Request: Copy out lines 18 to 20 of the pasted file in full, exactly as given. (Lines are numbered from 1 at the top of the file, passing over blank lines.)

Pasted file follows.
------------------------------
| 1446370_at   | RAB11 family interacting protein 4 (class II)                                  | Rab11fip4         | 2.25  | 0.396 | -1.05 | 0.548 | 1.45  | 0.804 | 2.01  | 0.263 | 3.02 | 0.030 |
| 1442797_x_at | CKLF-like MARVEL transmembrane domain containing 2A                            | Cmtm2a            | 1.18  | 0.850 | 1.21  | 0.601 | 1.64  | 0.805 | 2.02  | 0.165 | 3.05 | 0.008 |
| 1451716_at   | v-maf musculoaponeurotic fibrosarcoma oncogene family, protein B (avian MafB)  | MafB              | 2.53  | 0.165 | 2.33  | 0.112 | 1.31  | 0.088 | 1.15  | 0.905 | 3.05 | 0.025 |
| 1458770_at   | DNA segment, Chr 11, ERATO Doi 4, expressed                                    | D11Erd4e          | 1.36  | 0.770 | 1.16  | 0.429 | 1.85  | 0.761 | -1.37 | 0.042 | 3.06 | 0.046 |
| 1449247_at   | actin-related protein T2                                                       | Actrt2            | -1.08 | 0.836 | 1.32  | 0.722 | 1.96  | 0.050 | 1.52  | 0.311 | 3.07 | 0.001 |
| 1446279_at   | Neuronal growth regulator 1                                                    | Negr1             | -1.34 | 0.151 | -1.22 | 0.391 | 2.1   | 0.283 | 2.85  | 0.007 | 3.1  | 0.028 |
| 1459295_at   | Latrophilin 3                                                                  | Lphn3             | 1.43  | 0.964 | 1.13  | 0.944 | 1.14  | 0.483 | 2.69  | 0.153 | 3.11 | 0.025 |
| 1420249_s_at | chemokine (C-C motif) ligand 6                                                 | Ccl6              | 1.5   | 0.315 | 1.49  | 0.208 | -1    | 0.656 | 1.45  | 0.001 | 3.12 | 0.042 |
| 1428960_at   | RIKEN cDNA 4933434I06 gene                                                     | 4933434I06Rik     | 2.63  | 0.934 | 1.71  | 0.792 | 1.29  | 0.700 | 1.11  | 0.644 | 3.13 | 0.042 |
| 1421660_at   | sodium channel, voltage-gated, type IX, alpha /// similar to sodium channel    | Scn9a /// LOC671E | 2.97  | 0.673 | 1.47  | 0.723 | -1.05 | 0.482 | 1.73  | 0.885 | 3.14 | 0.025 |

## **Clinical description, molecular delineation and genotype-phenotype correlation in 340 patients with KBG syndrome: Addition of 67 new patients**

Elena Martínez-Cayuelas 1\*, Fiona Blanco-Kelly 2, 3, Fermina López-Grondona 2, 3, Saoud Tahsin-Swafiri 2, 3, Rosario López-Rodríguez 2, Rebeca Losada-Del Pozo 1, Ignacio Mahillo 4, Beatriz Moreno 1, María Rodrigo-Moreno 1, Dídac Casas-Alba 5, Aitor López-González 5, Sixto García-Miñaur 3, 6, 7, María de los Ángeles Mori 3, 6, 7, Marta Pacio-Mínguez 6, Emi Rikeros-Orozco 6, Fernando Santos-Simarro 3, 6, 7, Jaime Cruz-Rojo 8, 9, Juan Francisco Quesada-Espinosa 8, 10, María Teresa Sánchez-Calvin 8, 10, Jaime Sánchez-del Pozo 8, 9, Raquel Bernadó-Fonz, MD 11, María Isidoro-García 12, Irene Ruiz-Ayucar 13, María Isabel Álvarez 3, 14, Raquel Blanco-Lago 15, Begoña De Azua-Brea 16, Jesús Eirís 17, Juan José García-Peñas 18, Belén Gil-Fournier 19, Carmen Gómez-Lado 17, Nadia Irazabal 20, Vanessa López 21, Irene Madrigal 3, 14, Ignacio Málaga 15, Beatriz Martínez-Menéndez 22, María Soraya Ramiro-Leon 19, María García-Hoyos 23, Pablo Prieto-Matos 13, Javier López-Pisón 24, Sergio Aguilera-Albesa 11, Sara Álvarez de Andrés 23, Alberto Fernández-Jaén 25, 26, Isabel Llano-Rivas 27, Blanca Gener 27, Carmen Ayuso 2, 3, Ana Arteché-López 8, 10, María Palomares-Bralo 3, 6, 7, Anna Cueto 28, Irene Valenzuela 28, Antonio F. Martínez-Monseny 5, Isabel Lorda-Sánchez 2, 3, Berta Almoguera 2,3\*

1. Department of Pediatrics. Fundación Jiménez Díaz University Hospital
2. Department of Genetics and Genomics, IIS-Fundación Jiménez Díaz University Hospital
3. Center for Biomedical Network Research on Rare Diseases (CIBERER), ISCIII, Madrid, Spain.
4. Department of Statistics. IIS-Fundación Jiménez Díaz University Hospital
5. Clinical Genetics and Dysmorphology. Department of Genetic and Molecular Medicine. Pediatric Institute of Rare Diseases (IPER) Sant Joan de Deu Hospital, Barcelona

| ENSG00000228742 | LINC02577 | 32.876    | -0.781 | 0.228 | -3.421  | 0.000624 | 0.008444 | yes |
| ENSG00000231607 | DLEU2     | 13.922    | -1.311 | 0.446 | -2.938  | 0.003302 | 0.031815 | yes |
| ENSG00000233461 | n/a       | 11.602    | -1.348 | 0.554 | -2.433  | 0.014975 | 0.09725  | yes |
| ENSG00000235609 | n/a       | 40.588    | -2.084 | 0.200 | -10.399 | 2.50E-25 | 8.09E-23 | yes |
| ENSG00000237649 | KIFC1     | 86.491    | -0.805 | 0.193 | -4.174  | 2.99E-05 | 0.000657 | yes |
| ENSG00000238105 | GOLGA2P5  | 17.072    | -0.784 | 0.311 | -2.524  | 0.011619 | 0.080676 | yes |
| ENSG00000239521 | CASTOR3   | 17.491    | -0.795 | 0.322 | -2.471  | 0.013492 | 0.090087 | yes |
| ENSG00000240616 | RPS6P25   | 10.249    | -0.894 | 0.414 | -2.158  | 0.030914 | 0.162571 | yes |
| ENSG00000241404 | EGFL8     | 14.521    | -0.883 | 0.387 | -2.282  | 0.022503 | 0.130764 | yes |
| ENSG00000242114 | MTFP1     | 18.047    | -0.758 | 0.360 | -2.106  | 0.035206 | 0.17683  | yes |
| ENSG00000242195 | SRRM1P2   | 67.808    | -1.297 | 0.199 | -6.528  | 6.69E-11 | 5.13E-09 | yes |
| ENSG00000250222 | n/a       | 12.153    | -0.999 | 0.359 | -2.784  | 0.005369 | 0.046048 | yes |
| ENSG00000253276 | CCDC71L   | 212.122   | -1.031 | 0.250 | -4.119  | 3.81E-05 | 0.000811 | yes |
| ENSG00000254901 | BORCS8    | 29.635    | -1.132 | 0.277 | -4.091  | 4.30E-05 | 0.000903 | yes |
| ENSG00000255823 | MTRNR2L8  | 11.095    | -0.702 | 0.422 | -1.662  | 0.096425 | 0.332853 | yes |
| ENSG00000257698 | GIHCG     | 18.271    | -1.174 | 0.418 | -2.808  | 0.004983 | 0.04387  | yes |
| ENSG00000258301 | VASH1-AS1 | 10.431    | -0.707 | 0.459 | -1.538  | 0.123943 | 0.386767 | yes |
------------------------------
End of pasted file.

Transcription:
| ENSG00000228742 | LINC02577 | 32.876    | -0.781 | 0.228 | -3.421  | 0.000624 | 0.008444 | yes |
| ENSG00000231607 | DLEU2     | 13.922    | -1.311 | 0.446 | -2.938  | 0.003302 | 0.031815 | yes |
| ENSG00000233461 | n/a       | 11.602    | -1.348 | 0.554 | -2.433  | 0.014975 | 0.09725  | yes |